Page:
March 3, 2018
Spite Marriage – US, 1929
In many ways, Edward Sedgwick’s Spite Marriage was the end of an era. Released two years after The Jazz Singer, it was the finale of “silent Keaton,” the actor who didn’t need dialogue to get across such complex emotions as love, befuddlement, courage, and determination. His expressions were anything but mere deadpan. To see him scurry across the screen is to see a man on a mission, and usually that mission was to save a beloved damsel in distress. Silent Keaton was a hopeless romantic, a guy who fought hard for the girl and for whom the term till death do us part was to be taken literally. He was a man to root for, even in roles in which his character is on the wrong side of history.
Spite Marriage finds Keaton in the role of Elmer Gantry, a love-struck admirer of a stage actress named Trilby Drew (Dorothy Sebastian). In fact, he’s so taken by her that he’s begun inserting himself into as much of her daily life as possible. In a series of early scenes, we see him feigning horseback-riding skills, pretending to be part of the press, and wandering backstage before and after performances, each time dressed like a rather upstanding gentleman. In reality, he is anything but, and in a rather clever scene, we see just how he is able to get his hands on such impressive-looking clothing.
These early scenes allow Keaton to play up his romantic instincts. We see him gaze lovingly at Trilby from the front row, and his eyes follow her even when the action takes place away from her. We learn that Elmer has seen the play thirty-five times, and seeing his instinctive habit of mimicking Trilby’s movements, it seems clear that he has memorized every aspect of her blocking. These early scenes are a delight. In lesser hands, they might come across as unintentionally creepy, but Keaton gives them the innocence and sincerity they need to convince us of Elmer’s noble intentions.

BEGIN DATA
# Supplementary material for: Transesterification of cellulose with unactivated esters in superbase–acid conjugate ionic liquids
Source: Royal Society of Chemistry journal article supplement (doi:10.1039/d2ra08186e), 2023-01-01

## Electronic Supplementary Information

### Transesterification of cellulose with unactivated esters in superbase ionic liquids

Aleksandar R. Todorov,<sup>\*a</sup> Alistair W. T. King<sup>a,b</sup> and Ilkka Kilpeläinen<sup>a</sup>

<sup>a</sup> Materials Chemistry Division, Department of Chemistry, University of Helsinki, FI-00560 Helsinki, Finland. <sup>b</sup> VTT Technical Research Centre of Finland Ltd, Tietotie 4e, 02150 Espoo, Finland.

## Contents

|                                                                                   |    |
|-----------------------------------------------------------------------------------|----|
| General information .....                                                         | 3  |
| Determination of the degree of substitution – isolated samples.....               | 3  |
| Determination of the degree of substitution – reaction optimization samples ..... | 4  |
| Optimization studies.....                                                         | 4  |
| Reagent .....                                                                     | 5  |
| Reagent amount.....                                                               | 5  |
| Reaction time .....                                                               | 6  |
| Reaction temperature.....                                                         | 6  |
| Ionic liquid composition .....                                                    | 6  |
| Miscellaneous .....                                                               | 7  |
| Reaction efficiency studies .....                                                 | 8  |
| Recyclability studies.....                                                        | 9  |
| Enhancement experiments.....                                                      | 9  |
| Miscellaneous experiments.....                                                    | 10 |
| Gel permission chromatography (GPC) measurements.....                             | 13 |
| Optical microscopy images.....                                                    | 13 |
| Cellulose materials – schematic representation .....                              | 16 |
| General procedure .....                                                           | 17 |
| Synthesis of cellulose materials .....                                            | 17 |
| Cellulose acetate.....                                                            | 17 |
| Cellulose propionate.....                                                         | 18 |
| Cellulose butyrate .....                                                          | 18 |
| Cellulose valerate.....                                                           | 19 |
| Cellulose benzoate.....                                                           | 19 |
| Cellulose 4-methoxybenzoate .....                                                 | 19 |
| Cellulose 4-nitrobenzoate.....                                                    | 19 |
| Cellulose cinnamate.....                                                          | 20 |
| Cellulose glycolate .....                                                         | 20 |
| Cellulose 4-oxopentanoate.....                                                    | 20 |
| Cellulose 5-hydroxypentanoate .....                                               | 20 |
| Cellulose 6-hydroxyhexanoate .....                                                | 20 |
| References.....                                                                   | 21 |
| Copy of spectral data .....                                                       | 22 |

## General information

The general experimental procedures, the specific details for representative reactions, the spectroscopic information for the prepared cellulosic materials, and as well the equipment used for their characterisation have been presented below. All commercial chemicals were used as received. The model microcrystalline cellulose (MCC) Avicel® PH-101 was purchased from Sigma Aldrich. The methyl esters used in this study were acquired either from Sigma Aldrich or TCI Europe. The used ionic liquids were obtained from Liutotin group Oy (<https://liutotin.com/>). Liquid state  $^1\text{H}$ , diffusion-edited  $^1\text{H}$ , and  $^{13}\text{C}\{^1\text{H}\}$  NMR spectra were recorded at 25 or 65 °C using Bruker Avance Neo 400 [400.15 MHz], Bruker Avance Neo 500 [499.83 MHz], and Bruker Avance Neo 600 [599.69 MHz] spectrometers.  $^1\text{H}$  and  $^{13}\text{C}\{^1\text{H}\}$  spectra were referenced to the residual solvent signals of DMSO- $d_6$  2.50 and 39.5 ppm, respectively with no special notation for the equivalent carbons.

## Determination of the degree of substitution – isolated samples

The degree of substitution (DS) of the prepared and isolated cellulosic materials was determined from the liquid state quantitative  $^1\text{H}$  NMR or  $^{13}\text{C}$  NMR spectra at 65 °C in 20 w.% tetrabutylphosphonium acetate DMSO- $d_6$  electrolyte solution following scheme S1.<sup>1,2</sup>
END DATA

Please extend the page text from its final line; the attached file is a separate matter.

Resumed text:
The movie eventually finds Trilby and Elmer married, not because she has fallen hard for the guy, but because the true object of her affection, a co-star named Lionel Benmore (Edward Earle), turns out to have a compulsion for being unfaithful. Trilby reasons that what’s good for the goose is good for the gander, and, in a moment of utterly foolish logic, not only proposes to Elmer but also insists that they get married that very evening – hence, the spite in the title.
The first half of the film lags slightly, partly due to its inclusion of scenes from Trilby’s play, Carolina. There is of course a reason behind this decision, one which I will not reveal, yet it was a bit tedious sitting through it the first time. The only saving grace was the odd sight of movie actors pretending to be performing live onstage, yet using silent film acting techniques. The film really picks up after the wedding, when Elmer’s life takes a truly unexpected and fun turn.
Like many silent films from the slapstick era, Spite Marriage is built around a series of long physical gags. My favorites of these occurred in the second half of the film, yet comparing the scenes to similar ones in Keaton’s earlier films, I couldn’t help noticing how quickly they were over. It’s as if the studio was unsure that audiences would still sit through a long gag without sound. It reminded me of the brevity of many of the slapstick scenes in Laurel & Hardy’s later films, and I couldn’t help feeling this was a lost opportunity.
Viewers familiar with Keaton’s career will notice similarities between this film and some of his earlier ones. For example, Carolina has elements of The General in it, and the film’s second half includes homages to both The Navigator and College. There’s also a great scene in which ruffian after ruffian is fooled by the same ruse, one that likely would have been deemed too risqué just ten years later.
In other words, there’s a lot to like about Spite Marriage. Sure, the first half of the film drags a bit, but it does so for a purpose. You have to admire a film that isn’t afraid to slow things down and allow audiences to see for themselves just what would make the public adopt Miss Drew as their newest sweetheart. We get what Elmer sees in her, and by the end of the film, it’s crystal clear what she sees in him.
And perhaps it is that feature that makes Keaton such an indelible performer. Like Chaplin, possibly his most famous contemporary, he created a character that we can all see a little of ourselves in and perhaps even strive to be like. He was driven by both his heart and his strong sense of right and wrong, and when danger appeared, there was no greater champion of the vulnerable. Whether it was a deadly storm, a towering obstacle, and a brute twice his size and strength, he ran toward the fight, and when it was over, like all great superheroes, he wanted nothing in return. He was a hero in his time, and he remains one in ours. Spite Marriage may have been the last of its kind, but what a way to go out. (on DVD as part of the TCM Archives Buster Keaton Collection)